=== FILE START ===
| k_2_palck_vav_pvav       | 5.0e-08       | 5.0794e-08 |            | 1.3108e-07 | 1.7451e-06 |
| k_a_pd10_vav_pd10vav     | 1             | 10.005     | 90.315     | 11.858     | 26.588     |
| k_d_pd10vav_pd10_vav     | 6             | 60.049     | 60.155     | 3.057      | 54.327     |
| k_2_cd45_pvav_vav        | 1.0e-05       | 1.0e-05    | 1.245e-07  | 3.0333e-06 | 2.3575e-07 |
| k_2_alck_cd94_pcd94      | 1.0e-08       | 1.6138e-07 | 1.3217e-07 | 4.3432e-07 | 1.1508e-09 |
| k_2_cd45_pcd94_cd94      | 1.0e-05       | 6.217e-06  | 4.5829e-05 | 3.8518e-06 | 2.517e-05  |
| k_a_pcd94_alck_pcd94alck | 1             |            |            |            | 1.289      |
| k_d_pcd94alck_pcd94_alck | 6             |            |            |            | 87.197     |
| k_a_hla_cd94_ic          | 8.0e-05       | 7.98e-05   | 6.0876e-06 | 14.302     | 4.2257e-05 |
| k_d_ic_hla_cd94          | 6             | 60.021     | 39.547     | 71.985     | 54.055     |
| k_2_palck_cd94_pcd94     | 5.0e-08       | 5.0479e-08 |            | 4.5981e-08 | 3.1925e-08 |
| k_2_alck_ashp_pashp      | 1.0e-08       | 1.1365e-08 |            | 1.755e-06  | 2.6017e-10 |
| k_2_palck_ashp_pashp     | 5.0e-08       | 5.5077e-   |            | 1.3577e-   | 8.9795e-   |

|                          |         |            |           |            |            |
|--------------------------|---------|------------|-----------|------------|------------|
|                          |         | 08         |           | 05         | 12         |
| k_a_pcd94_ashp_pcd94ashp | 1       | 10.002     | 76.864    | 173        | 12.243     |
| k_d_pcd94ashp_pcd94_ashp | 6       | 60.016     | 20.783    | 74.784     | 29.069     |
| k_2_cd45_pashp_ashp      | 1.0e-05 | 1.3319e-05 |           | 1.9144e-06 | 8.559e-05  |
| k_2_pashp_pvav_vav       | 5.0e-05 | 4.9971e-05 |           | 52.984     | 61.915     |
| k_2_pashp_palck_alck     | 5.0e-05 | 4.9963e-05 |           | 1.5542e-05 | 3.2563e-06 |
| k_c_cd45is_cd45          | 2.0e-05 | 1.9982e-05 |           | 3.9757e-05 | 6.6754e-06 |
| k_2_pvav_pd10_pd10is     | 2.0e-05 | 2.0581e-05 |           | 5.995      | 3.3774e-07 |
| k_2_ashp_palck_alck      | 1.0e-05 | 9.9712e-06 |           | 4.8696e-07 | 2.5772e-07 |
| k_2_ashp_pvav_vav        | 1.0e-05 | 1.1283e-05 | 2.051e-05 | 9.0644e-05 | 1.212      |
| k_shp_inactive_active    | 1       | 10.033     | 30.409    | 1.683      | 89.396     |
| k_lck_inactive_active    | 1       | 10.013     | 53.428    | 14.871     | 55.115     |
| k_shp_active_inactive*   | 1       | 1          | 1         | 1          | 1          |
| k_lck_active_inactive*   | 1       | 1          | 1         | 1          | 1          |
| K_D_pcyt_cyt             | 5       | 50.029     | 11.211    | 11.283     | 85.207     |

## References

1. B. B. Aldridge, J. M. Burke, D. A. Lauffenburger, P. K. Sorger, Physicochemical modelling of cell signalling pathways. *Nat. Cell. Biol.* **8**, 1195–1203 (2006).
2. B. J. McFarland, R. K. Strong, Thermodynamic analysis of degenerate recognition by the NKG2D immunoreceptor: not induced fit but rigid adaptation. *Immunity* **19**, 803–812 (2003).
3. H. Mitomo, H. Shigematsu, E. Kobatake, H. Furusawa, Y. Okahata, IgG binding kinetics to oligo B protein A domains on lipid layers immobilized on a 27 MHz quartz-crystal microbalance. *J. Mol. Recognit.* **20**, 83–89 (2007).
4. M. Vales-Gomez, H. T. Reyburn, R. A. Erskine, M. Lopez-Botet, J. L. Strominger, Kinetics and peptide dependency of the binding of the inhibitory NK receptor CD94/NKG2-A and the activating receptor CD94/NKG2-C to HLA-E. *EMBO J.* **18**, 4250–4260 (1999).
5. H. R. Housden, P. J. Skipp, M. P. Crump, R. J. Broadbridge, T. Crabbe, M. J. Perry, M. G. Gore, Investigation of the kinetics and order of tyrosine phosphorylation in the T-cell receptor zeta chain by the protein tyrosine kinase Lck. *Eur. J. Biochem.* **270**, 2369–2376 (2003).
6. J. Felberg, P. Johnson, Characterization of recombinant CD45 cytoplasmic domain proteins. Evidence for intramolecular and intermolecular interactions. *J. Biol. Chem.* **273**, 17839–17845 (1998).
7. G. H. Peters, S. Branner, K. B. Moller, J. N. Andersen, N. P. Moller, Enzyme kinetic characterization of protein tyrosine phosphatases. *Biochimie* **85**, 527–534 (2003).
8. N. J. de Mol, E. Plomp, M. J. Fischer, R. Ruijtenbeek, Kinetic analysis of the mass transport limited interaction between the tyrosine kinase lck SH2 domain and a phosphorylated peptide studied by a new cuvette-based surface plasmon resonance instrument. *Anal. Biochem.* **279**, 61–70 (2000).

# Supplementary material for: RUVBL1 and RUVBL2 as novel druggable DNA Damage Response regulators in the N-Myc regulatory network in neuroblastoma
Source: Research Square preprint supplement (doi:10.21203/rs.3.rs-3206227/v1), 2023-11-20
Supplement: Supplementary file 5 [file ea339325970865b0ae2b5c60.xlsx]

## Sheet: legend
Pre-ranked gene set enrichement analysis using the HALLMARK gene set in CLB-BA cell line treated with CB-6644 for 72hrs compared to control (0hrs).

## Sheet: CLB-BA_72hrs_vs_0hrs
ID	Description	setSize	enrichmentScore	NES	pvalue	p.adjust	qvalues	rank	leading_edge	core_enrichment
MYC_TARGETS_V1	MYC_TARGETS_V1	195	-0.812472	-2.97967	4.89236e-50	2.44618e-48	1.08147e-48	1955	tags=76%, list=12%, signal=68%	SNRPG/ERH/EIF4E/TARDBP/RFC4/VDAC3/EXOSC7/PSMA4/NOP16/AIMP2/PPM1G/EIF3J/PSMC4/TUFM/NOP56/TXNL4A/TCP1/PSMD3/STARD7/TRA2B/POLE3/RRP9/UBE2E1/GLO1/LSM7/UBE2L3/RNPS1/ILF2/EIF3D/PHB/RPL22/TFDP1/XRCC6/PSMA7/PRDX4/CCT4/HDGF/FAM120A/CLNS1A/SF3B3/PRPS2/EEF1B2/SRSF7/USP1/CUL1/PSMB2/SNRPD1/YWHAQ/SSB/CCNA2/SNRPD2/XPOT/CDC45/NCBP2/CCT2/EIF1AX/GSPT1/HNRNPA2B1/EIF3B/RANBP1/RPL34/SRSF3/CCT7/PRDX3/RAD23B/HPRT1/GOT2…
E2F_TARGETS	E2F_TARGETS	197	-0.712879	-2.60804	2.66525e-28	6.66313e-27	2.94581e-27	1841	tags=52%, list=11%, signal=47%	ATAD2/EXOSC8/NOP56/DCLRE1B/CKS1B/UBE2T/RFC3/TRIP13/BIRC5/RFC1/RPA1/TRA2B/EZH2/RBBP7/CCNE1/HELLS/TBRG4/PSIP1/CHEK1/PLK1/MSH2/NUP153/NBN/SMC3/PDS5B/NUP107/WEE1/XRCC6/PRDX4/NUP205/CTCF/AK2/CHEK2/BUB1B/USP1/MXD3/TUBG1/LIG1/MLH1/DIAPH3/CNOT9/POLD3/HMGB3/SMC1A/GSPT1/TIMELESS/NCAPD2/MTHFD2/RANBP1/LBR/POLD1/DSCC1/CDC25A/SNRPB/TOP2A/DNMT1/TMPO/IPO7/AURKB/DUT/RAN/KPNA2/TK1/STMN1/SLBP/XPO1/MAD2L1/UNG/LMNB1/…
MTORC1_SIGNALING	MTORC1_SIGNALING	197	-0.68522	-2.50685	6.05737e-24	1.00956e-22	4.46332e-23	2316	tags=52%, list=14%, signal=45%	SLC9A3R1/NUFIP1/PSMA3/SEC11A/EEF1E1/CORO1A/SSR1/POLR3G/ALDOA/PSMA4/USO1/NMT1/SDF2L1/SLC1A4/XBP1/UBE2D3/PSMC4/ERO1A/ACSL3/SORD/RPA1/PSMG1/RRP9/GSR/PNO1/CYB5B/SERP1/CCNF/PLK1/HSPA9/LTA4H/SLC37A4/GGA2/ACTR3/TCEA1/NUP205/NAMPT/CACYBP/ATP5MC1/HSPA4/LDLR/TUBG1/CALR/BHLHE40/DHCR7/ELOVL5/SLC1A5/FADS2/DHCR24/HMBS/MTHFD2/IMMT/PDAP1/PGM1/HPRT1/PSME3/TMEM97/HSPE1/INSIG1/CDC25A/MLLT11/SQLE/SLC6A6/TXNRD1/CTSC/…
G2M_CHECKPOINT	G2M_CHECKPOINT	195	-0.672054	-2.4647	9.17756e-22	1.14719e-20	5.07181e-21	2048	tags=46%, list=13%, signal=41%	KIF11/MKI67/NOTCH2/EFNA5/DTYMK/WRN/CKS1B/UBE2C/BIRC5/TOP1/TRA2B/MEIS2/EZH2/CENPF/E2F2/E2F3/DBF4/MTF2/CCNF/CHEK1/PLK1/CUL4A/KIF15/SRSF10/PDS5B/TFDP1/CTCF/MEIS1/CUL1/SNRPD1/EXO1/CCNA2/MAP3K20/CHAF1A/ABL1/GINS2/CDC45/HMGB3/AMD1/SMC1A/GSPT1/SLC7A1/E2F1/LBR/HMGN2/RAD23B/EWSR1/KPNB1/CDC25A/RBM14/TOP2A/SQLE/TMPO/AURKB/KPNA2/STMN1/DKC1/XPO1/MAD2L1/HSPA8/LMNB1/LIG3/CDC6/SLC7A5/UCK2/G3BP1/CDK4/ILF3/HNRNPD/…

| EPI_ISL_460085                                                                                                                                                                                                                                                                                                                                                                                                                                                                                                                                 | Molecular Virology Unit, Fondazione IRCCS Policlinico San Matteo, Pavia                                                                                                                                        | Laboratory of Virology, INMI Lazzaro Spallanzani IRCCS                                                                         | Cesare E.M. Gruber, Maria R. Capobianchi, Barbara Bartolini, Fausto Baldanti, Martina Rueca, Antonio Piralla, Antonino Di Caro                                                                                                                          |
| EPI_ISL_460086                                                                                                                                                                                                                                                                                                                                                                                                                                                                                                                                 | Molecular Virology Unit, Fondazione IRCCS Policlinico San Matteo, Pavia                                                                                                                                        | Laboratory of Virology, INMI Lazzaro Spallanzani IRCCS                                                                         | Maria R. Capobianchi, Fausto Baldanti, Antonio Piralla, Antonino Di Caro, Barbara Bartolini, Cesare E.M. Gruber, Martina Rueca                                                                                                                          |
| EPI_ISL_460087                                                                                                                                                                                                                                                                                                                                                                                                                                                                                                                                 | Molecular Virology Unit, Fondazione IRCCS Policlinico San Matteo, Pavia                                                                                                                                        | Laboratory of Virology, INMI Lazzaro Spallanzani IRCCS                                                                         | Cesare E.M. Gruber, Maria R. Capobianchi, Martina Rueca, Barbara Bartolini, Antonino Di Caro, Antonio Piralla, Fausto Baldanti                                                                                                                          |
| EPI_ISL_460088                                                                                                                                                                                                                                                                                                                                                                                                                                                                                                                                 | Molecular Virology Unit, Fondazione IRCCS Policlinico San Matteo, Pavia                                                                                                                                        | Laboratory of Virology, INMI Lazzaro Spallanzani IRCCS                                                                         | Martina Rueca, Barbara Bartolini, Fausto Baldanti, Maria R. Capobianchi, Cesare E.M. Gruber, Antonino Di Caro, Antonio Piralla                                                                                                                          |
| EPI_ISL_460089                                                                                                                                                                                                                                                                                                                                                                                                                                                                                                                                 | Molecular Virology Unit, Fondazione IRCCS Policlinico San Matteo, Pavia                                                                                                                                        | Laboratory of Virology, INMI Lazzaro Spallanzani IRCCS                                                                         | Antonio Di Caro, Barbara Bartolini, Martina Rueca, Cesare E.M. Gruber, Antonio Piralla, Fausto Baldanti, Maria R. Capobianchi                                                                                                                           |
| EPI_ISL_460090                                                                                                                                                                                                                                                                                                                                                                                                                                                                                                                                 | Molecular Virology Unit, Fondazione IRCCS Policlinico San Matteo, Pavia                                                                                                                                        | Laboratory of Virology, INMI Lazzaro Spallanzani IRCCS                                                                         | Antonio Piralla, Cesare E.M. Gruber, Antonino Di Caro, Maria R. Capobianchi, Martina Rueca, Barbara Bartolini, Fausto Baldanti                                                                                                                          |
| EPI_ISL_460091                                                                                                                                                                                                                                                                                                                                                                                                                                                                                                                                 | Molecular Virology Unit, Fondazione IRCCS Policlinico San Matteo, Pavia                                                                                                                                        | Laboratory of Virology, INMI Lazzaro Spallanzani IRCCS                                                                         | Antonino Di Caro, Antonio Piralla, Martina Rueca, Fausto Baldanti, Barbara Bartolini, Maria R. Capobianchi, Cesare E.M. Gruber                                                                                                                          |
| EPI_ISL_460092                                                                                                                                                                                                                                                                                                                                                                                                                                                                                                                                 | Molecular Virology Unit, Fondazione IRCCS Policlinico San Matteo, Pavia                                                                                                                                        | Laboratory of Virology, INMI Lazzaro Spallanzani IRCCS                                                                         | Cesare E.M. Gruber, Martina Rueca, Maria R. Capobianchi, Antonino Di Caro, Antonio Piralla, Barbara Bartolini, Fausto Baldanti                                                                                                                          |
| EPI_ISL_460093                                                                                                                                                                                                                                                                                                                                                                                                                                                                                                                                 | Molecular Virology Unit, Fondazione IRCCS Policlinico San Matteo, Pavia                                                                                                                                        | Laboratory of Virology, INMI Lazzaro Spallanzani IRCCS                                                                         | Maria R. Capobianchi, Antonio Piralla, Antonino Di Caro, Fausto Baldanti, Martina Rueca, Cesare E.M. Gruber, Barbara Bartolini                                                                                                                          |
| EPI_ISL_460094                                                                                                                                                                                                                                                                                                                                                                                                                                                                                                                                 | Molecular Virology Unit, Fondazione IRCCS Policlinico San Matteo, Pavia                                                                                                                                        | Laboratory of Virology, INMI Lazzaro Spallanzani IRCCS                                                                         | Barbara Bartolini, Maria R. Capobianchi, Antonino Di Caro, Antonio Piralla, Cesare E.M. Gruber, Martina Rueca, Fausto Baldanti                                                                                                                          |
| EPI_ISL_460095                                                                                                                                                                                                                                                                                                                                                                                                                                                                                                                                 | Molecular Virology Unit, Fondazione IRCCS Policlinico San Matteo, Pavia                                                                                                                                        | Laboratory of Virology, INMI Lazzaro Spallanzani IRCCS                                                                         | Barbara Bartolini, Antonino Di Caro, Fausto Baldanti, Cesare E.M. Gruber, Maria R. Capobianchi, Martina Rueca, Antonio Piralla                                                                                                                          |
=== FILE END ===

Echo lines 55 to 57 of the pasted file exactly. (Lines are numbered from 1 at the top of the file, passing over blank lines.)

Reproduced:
| EPI_ISL_460089                                                                                                                                                                                                                                                                                                                                                                                                                                                                                                                                 | Molecular Virology Unit, Fondazione IRCCS Policlinico San Matteo, Pavia                                                                                                                                        | Laboratory of Virology, INMI Lazzaro Spallanzani IRCCS                                                                         | Antonio Di Caro, Barbara Bartolini, Martina Rueca, Cesare E.M. Gruber, Antonio Piralla, Fausto Baldanti, Maria R. Capobianchi                                                                                                                           |
| EPI_ISL_460090                                                                                                                                                                                                                                                                                                                                                                                                                                                                                                                                 | Molecular Virology Unit, Fondazione IRCCS Policlinico San Matteo, Pavia                                                                                                                                        | Laboratory of Virology, INMI Lazzaro Spallanzani IRCCS                                                                         | Antonio Piralla, Cesare E.M. Gruber, Antonino Di Caro, Maria R. Capobianchi, Martina Rueca, Barbara Bartolini, Fausto Baldanti                                                                                                                          |
| EPI_ISL_460091                                                                                                                                                                                                                                                                                                                                                                                                                                                                                                                                 | Molecular Virology Unit, Fondazione IRCCS Policlinico San Matteo, Pavia                                                                                                                                        | Laboratory of Virology, INMI Lazzaro Spallanzani IRCCS                                                                         | Antonino Di Caro, Antonio Piralla, Martina Rueca, Fausto Baldanti, Barbara Bartolini, Maria R. Capobianchi, Cesare E.M. Gruber                                                                                                                          |